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Strategic malfunction

Imagine what can happen if a nuclear state loses control of one of its nukes, which is pointed towards its nuclear-armed adversary, in its very own backyard?

The answer is quite simple and obvious: a chance of a nuclear confrontation in the first place, with appalling repercussions for humanity. Auspiciously, these are not the scenarios we are dealing with at the moment, despite having narrowly escaped a very analogous situation a few days ago.

India recently – on March 9 – lost control over one of its Brahmos Supersonic Cruise Missiles, luckily with no warhead. The missile traveled 124 kms inside Pakistan and landed in the Mian Channu tehsil of Khanewal district without causing any life or material damage.

Pakistan immediately took notice of the incident and called this flagrant violation of its air-space by India highly irresponsible. The DG ISPR in a presser termed this incident poor handling of the Indian aviation system that could have resulted in a major disaster, especially if it had collided with nearby commercial flights in that aerial zone. The Indian charge d’affaires in Islamabad was also summoned twice by Pakistani authorities in order to lodge the official version of the remonstration. Later on, Pakistan also offered a joint investigation into the matter.

On the other hand, India confirmed that the missile was launched erroneously during a routine technical inspection at a secret Indian Air force Base Sirsa in Haryana, and dubbed this technical malfunction as deeply regrettable. Indian authorities have also ordered a reportedly high-level inquiry into the incident.

Regardless, this incident has raised widespread alarm and sparked serious global concern over such grave negligence by Indian defence staff dealing with such highly sensitive and nuclear-capable ballistic missiles. It has also badly exposed the serious loopholes and technical hiatuses in India’s handling of its strategic arsenal.

This is not the first instance of imprecision in the Indian missile system; in 2019, during a dogfight with the Pakistan air force near Line of Control, an Israeli origin Spyder Surface to Surface Missile System of the Indian air force hit its own Mi-17V5 chopper in the Budgam area of Indian Occupied Kashmir, killing several IAF personnel onboard.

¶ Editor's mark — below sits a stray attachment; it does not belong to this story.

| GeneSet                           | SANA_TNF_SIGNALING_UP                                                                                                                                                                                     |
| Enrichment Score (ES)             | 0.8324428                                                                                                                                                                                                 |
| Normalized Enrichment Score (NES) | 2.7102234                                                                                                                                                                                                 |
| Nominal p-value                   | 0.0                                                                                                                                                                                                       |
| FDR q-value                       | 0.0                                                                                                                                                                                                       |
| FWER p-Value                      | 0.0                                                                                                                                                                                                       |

Such repeated mistakes by Indian defence forces are risking the security of the entire world. It also indicates that India has a faulty command and control system to secure its nukes, which means that there is a perpetual risk of an accidental launch of a nuclear weapon by the Indian side, with the potential to cause untoward nuclear devastation around the world.

The international community has also become cynical regarding Indian nuclear command and its technical competencies. After committing such a consequential mistake, India maintained criminal silence for two days and waited until after Pakistan’s DG ISPR announced the incident. This conduct clearly implies the fact that India is a very irresponsible and reckless nuclear state that doesn’t even qualify on the safety mechanisms of the International Atomic Energy Agency, and hence doesn’t deserve to retain Weapons of Mass Destruction at all.

As the Indian missile system has become a laughing stock worldwide due to the ineptitude of Indian defence staff and mechanical blemishes in their defence equipment, it is the appropriate time for the international community to oust India from the membership of the Missile Technology Control Regime (MTCR) an association of suppliers of Ballistic and Cruise Missiles able to deliver delivering Weapons of Mass Destruction (WMD).

Recovery of highly radioactive materials like uranium and californium from the custody of unauthorised persons has already become a routine affair in India. Another probability arises here: was the missile that got accidentally launched towards Pakistan actually being used by Indian defence forces or was in the control of some rogue elements. In the second scenario, the precarious ballistic missiles in India could turn the already complex and uncertain security landscape of South Asia into an active pivot of a nuclear contingency.

Some serious and substantial voices in India have also demanded a fair inquiry into an incident that has brought international embarrassment for India’s defence. Indian journalist Sushant Singh in a tweet termed the accidental launch a dent in India’s reputation. Sharat Sabharwal, a former Indian ambassador to Pakistan, said that “India should have informed Pakistan immediately after it misfired the missile”.

Contrary to India’s negligent response, Pakistan being a responsible member of the international community, behaved in a very orderly manner just to avert any unnecessary conflict and preferred restraint for the sake of global peace.

Intuiting the gravity of the matter, concerned international institutions must ask India to get its nuclear arsenals re-assessed. A commission should also be formed to evaluate the global ballistic missile threat flaring-up from India with a mandate of inspecting all nuclear and other ballistic missile facilities in the country. Until the commission issues a satisfactory note, India must be barred from furthering its defective missile technology and should also be restricted from any activity that involves trade of weaponries.

 Email: shahidfarooqabbasi@gmail.com

Shahid Farooq Abbasi, "Strategic malfunction," The News. 2022-03-18.
Keywords: Political science , Political issues , Nuclear state , International community , Humanity , India , Pakistan , ISPR , MTCR